African graduates struggle to find employment – survey

13 September 2010

Prof Haroon Bhorat, Prof Crain Soudien and Natasha MayetCalling the future: Prof Haroon Bhorat (left), DVC Prof Crain Soudien and Natasha Mayet at the forum hosted by the Institutional Planning Department.

The finding in a recent study that even African graduates who have graduated from historically white universities (HWI) are less likely to find employment than their white counterparts is somewhat unexpected, says UCT's Professor Haroon Bhorat.

Speaking at the first of the revived Open Planning Forums of the Institutional Planning Department (IPD) on 30 August, Bhorat and Natasha Mayet - both of the Development and Policy Research Unit (DPRU) - drew attention to some of the highlights from a 2009 Human Sciences Research Council (HSRC) study on student retention and graduation destination, particularly a section conducted by the IPD. That research looked at what has happened to some 5 491 students who graduated from seven South African universities, including HWIs and historically black institutions (HBI), at the end of 2002. (UCT did not form part of the study.)

In keeping with recent trends, researchers found that overall, 66% of white students in this cohort had graduated by 2002, far more than the 39% of Africans. And that African non-completion rates are significantly higher at HBIs (62%) than at HWIs (37%), particularly for African women (71%).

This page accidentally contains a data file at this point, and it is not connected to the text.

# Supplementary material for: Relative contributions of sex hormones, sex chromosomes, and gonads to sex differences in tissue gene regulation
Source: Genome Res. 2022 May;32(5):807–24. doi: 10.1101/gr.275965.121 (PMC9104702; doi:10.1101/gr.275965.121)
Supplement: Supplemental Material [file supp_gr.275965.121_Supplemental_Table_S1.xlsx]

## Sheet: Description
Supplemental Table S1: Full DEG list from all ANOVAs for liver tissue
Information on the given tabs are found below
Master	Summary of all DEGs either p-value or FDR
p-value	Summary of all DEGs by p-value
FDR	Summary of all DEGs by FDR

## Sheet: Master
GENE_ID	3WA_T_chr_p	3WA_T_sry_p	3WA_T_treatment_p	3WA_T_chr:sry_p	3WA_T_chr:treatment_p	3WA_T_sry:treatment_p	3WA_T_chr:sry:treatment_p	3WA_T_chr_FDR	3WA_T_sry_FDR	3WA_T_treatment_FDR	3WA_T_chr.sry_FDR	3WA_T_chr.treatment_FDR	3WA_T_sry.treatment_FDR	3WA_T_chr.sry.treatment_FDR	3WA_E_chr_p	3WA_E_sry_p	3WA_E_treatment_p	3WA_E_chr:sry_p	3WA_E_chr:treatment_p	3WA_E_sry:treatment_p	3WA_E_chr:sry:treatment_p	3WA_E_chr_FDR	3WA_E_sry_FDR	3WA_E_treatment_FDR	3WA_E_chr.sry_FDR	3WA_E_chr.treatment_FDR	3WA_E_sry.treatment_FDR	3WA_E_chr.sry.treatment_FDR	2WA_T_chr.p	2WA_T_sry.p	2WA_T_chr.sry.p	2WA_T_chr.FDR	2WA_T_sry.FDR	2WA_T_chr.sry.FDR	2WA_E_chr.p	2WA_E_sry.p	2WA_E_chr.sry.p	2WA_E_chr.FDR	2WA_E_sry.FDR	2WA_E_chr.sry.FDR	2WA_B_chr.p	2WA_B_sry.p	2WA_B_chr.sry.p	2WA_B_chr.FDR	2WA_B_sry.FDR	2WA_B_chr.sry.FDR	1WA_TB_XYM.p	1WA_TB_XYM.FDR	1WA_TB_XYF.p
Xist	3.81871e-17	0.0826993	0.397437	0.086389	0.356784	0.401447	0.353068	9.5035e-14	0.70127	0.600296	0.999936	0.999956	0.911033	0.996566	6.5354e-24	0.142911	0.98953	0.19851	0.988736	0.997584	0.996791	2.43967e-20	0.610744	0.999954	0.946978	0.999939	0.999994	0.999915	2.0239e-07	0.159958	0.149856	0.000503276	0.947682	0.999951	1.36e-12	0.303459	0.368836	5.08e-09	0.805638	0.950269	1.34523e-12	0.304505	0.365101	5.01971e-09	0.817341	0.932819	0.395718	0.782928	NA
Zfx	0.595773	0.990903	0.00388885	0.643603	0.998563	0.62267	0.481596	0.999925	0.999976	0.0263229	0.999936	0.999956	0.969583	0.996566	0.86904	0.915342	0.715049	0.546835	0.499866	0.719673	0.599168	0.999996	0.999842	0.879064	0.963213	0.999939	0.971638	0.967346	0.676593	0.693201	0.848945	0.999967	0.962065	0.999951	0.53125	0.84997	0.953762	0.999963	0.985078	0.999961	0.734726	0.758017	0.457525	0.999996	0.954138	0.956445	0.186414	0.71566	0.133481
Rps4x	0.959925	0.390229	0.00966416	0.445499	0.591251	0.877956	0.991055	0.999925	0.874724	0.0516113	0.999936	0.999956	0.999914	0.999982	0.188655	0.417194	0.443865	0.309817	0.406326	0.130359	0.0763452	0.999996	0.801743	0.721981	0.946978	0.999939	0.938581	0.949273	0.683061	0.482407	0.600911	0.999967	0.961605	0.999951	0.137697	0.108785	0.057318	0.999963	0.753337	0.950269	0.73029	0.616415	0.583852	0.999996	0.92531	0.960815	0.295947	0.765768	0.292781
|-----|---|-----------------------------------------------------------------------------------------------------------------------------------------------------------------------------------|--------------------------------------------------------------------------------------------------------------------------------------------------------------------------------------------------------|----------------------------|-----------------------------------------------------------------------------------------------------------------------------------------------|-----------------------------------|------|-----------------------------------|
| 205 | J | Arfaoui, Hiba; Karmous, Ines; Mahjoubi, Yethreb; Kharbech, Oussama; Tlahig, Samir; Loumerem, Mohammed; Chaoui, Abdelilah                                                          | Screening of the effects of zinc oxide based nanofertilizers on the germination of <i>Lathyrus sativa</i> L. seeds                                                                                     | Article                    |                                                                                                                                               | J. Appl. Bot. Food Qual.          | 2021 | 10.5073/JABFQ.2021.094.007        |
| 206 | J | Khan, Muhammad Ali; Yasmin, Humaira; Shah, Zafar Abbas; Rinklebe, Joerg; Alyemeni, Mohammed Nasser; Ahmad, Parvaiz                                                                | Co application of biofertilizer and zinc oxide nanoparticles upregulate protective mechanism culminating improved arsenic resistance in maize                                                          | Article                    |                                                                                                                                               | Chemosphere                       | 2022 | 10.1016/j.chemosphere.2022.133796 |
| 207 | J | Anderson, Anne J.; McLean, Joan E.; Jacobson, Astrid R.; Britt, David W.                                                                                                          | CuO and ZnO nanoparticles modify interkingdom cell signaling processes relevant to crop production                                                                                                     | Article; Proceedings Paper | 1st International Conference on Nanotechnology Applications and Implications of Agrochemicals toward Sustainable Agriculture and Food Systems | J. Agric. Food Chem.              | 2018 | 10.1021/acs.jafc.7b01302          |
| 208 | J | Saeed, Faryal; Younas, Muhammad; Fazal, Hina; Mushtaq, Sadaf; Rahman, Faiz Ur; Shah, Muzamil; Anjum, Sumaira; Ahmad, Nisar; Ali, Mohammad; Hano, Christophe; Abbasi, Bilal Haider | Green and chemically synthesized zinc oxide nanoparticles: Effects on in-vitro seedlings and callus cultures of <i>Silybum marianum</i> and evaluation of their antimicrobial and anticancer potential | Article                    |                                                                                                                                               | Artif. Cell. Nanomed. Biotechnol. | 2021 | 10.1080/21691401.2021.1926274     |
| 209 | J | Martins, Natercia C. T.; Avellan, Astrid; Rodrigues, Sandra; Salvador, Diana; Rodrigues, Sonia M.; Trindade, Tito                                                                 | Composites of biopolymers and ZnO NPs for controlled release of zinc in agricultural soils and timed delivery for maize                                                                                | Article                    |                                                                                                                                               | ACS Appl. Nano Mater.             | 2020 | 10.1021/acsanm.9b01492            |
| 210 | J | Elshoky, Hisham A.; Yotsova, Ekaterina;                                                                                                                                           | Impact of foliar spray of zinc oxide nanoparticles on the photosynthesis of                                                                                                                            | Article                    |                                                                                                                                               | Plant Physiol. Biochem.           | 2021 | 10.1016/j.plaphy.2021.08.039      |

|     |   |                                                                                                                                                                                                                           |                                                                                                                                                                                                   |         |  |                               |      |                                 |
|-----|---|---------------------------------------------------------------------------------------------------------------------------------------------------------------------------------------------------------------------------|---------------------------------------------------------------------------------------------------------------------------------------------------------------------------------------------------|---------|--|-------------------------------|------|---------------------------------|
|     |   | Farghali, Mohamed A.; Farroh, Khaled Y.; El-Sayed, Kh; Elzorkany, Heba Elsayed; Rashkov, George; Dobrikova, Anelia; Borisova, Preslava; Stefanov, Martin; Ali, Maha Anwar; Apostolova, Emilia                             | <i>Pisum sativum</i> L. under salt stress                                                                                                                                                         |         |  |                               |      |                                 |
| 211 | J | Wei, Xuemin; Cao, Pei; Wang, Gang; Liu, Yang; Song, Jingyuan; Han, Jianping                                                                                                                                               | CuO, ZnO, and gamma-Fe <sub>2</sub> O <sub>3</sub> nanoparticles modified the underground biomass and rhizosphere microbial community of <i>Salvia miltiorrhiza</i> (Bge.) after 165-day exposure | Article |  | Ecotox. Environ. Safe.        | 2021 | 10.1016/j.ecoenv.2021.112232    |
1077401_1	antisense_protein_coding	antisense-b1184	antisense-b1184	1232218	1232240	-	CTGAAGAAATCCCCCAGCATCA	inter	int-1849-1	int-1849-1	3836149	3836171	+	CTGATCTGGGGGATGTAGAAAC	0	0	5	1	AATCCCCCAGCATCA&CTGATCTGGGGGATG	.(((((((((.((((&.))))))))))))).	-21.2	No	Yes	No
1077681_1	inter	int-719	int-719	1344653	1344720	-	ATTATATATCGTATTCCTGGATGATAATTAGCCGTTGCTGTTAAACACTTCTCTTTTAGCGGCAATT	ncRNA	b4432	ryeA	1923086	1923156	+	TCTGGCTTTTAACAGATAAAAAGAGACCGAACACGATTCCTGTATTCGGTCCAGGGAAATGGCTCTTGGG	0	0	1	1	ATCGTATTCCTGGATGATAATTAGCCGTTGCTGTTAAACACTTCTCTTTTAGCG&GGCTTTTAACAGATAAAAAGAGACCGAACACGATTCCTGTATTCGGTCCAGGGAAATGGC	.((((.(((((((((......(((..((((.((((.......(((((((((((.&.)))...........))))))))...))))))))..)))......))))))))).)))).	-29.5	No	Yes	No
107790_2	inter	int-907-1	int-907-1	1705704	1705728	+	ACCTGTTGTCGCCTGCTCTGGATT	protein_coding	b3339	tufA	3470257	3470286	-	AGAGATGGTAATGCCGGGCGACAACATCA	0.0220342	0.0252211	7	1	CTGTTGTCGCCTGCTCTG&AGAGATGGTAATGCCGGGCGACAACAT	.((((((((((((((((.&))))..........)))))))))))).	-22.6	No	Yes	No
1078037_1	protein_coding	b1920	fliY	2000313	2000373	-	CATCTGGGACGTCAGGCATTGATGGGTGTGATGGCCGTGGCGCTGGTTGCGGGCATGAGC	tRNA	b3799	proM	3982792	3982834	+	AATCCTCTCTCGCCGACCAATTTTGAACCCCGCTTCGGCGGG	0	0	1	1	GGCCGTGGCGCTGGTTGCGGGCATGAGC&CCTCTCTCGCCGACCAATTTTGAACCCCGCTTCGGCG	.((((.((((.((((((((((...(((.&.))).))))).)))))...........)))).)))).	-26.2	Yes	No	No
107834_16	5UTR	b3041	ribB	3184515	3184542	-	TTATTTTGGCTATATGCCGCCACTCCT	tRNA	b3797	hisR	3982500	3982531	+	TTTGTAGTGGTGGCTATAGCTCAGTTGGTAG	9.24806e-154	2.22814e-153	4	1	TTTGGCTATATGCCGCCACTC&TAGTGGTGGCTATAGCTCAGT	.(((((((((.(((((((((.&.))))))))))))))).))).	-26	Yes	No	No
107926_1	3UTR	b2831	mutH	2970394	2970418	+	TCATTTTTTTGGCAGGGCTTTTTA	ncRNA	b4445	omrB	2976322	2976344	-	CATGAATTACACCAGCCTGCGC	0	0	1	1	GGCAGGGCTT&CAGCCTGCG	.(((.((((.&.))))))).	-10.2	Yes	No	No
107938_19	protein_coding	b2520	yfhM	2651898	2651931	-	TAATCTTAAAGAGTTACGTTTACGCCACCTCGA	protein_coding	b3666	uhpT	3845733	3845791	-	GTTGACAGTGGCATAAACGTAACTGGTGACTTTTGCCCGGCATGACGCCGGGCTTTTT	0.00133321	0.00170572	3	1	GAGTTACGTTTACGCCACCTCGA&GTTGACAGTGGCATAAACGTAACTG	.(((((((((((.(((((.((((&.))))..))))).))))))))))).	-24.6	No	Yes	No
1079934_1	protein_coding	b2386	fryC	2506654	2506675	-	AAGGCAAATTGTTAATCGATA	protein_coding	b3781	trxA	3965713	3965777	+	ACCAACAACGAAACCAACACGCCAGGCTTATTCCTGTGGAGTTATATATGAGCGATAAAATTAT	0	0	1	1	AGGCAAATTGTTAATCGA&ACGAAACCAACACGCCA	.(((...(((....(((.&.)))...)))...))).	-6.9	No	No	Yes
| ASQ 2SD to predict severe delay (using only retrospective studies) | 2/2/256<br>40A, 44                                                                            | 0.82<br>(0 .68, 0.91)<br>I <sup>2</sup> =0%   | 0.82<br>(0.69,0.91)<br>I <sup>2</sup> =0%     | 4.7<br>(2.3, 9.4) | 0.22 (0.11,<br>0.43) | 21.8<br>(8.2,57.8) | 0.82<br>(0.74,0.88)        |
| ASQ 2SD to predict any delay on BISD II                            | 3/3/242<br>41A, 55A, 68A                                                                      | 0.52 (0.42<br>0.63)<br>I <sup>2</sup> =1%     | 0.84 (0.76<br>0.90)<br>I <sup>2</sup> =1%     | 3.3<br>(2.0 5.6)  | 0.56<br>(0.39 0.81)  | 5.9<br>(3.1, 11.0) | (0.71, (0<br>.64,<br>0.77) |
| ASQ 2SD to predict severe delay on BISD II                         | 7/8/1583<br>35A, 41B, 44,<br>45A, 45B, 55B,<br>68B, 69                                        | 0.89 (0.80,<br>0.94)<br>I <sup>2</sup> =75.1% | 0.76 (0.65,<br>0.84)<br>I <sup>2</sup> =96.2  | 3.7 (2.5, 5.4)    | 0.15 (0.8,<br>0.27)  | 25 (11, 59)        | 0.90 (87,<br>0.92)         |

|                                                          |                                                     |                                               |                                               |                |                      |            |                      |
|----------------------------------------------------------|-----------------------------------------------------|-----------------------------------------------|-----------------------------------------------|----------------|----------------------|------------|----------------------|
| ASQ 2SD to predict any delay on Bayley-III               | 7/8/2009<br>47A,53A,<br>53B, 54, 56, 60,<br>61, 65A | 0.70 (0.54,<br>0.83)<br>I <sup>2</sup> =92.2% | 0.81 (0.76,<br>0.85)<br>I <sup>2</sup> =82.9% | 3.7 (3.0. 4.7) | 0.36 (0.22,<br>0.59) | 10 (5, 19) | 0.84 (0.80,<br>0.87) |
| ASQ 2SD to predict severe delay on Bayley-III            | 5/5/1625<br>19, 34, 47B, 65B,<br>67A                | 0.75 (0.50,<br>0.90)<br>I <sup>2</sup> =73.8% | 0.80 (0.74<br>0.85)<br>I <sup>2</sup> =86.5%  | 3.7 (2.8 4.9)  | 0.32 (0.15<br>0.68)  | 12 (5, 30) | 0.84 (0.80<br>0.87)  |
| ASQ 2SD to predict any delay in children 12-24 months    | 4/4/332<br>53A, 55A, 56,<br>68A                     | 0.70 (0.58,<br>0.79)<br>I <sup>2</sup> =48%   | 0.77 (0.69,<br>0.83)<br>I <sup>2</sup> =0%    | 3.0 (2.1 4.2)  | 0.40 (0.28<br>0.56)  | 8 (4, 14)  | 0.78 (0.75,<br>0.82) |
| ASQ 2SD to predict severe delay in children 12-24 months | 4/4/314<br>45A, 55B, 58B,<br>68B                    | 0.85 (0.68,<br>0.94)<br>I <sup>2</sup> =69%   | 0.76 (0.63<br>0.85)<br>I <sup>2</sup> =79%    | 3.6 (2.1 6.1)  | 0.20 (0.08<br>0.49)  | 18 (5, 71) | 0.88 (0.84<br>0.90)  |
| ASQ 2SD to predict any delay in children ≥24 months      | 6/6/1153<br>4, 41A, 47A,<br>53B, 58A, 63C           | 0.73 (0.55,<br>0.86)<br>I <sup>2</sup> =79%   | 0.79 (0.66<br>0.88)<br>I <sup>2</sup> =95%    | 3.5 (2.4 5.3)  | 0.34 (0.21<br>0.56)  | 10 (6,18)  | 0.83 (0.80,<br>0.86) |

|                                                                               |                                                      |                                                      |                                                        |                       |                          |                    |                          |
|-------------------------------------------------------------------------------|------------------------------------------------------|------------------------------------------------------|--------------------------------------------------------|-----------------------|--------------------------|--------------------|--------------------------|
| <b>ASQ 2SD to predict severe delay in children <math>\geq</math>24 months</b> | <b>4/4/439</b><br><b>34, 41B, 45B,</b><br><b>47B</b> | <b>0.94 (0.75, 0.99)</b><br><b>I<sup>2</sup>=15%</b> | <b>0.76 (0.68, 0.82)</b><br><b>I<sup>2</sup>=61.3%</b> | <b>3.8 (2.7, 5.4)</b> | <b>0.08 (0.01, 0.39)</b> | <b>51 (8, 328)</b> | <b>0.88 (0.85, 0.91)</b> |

What does stand out is the figure that at the time of the survey in 2004, 42% of African graduates from HWIs had not found work - just higher than the 40% of Africans from HBIs. These numbers were also a far cry from the 10% of whites from HWIs and 6% of whites from HBIs who were still unemployed by 2004.

"The notion persists that if you control for a range of variables, including household and parental effects, then Africans who go through the same degree, the same course of study and at the same institution as whites have a lower probability of finding employment," Bhorat cautiously pointed out.

That said, he noted that the study had many shortcomings. It was at best a once-off snapshot, and more universities would need to be included in a future study to see if these trends are persistent. (For example, the IPD's Jane Hendry reported that African graduates from UCT are far more likely to find employment than their white classmates.)

The full report of the HSRC study, published by HSRC Press as Student Retention and Graduate Destination: Higher education and labour market access and success, can be downloaded here.

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